A typical office building layout consists of a 3 bay, 100-foot wide floor plate (40-foot office space bay, 20-foot core area, 40-foot office space bay). This framing system typically utilizes post-tensioned girders parallel to the 100-foot building width with conventionally reinforced slabs and joists or beams spanning between girders (Figure 1). Square bays with spans of 30 feet or more are also common for office buildings. Conventionally reinforced joist or beam construction is economical for these span ranges (Figure 2). To minimize formwork costs, a key to the economy of all these systems is to have the same depth beams and girders.
Figure 2: Square Bays with Conventionally Reinforced Beams and Girders.
Future Expansions or Modifications
Another factor that can affect the framing system selection is the capability to accommodate future expansion and modification. It is not unusual for owners to pre-plan for future floors or future wings. The framing system can be affected by these future plans. The roof of a building may serve as a future floor. In order to avoid undue disruption to the interior operations of the building during a future expansion, the roof should be designed for future construction conditions due to the load imposed by shoring as well as wet concrete and possibly higher live load. These higher design loads may result in the framing system for the roof being different from the typical floors.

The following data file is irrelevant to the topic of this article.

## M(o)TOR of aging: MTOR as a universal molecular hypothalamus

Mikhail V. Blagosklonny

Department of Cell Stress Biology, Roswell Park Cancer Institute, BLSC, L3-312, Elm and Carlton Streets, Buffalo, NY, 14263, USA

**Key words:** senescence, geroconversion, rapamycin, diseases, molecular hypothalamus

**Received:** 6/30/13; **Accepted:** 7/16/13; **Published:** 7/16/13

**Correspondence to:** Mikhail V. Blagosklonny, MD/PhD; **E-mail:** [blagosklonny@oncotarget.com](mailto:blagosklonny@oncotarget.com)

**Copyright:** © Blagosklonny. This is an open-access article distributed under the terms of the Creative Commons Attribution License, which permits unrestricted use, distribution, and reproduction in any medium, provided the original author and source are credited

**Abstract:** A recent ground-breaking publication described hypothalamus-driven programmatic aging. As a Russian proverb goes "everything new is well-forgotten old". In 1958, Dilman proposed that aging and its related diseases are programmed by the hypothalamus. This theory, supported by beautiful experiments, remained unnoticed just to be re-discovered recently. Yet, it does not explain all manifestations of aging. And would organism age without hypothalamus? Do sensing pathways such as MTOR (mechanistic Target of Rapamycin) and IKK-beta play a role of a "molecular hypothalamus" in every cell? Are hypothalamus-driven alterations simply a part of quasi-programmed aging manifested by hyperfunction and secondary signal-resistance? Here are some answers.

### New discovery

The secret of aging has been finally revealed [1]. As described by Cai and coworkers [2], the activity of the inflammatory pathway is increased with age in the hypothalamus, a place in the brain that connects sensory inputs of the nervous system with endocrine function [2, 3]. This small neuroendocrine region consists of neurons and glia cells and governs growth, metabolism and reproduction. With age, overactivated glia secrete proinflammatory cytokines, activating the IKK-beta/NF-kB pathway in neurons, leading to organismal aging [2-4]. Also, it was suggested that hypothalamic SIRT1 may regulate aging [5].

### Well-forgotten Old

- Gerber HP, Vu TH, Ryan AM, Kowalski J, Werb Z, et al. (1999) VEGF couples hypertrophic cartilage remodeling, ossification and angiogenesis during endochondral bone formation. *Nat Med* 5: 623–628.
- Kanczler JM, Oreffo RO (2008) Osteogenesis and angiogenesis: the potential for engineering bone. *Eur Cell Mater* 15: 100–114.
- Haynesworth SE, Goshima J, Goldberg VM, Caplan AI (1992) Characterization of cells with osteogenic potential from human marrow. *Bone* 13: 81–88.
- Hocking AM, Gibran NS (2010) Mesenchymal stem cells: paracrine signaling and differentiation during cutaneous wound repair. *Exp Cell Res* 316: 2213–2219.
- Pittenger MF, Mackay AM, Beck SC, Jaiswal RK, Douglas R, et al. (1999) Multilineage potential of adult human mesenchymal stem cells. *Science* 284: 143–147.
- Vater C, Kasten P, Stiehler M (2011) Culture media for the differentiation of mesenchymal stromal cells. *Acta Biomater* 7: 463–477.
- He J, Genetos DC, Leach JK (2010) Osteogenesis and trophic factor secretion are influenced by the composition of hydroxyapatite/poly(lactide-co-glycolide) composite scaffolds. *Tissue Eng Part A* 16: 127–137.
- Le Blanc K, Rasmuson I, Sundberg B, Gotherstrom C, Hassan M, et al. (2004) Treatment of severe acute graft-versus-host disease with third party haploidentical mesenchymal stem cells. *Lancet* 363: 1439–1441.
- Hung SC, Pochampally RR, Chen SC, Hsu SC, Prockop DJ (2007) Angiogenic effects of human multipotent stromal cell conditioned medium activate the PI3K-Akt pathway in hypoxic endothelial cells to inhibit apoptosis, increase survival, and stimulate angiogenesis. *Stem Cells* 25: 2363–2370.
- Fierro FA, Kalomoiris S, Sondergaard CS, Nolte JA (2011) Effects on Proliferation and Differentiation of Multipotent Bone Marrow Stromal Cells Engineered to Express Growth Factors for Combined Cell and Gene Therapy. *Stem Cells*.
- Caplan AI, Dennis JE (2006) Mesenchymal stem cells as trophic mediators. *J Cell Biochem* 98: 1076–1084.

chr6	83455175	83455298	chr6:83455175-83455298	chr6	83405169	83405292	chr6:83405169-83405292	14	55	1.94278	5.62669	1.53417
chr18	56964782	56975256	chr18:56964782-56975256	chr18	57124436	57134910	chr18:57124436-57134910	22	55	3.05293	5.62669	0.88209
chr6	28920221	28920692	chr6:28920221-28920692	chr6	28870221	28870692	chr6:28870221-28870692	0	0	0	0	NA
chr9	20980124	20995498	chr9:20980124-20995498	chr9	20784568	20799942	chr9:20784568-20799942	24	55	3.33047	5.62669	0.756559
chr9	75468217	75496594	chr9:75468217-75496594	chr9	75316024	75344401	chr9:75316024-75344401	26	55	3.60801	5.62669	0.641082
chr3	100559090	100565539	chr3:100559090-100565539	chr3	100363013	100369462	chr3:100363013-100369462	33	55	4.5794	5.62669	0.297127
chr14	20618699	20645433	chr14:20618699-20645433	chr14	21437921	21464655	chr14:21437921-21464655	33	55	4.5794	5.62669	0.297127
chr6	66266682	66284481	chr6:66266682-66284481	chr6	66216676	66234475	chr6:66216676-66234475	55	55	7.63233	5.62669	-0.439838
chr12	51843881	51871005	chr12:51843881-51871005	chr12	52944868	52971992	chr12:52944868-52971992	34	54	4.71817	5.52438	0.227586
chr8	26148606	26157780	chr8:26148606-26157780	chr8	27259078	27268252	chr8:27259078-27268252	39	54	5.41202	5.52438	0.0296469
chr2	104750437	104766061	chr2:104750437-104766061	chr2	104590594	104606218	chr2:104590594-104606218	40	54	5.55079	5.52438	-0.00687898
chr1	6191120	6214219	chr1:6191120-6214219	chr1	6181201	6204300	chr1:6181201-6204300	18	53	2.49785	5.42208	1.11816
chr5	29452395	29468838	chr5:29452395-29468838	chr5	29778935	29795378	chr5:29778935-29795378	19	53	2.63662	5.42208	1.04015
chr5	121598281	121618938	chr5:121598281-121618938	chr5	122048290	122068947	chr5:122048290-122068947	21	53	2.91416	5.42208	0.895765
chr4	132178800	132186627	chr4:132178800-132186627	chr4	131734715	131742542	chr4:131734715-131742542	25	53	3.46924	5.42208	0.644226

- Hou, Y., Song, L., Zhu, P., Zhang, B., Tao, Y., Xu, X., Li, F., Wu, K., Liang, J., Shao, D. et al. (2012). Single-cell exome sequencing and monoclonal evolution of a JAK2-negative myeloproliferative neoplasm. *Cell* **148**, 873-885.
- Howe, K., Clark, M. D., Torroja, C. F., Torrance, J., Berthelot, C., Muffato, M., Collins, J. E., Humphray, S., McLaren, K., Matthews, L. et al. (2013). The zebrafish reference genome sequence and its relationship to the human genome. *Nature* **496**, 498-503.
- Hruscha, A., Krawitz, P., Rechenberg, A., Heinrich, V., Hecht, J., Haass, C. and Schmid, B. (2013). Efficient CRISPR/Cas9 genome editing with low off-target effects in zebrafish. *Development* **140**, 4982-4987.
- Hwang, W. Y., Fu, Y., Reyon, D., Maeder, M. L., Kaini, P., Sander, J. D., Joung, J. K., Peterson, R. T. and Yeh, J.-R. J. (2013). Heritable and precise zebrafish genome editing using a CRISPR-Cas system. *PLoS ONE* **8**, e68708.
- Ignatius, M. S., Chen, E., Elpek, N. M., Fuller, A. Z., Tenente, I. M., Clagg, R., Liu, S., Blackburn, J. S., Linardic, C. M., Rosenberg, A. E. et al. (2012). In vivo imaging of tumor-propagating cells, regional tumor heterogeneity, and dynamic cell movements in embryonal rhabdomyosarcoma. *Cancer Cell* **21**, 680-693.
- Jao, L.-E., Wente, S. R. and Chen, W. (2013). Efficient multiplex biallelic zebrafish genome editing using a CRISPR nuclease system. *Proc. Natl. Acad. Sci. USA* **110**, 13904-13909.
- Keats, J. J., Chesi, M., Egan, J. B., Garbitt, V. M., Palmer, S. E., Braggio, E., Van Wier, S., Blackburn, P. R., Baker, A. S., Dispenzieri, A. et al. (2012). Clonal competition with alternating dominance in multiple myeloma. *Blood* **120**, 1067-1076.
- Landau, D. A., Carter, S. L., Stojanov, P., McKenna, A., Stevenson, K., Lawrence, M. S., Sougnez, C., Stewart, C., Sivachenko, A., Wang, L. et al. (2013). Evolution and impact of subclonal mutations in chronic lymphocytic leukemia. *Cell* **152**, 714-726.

Wind and earthquake forces are resisted by a building’s lateral system. Lateral forces on concrete buildings are normally resisted by moment frames or shear walls. The lateral system members should fit within the architectural and mechanical aspects of the building. A lateral system is considered to be efficient if the system does not increase the column or floor framing member size beyond that required for gravity loads.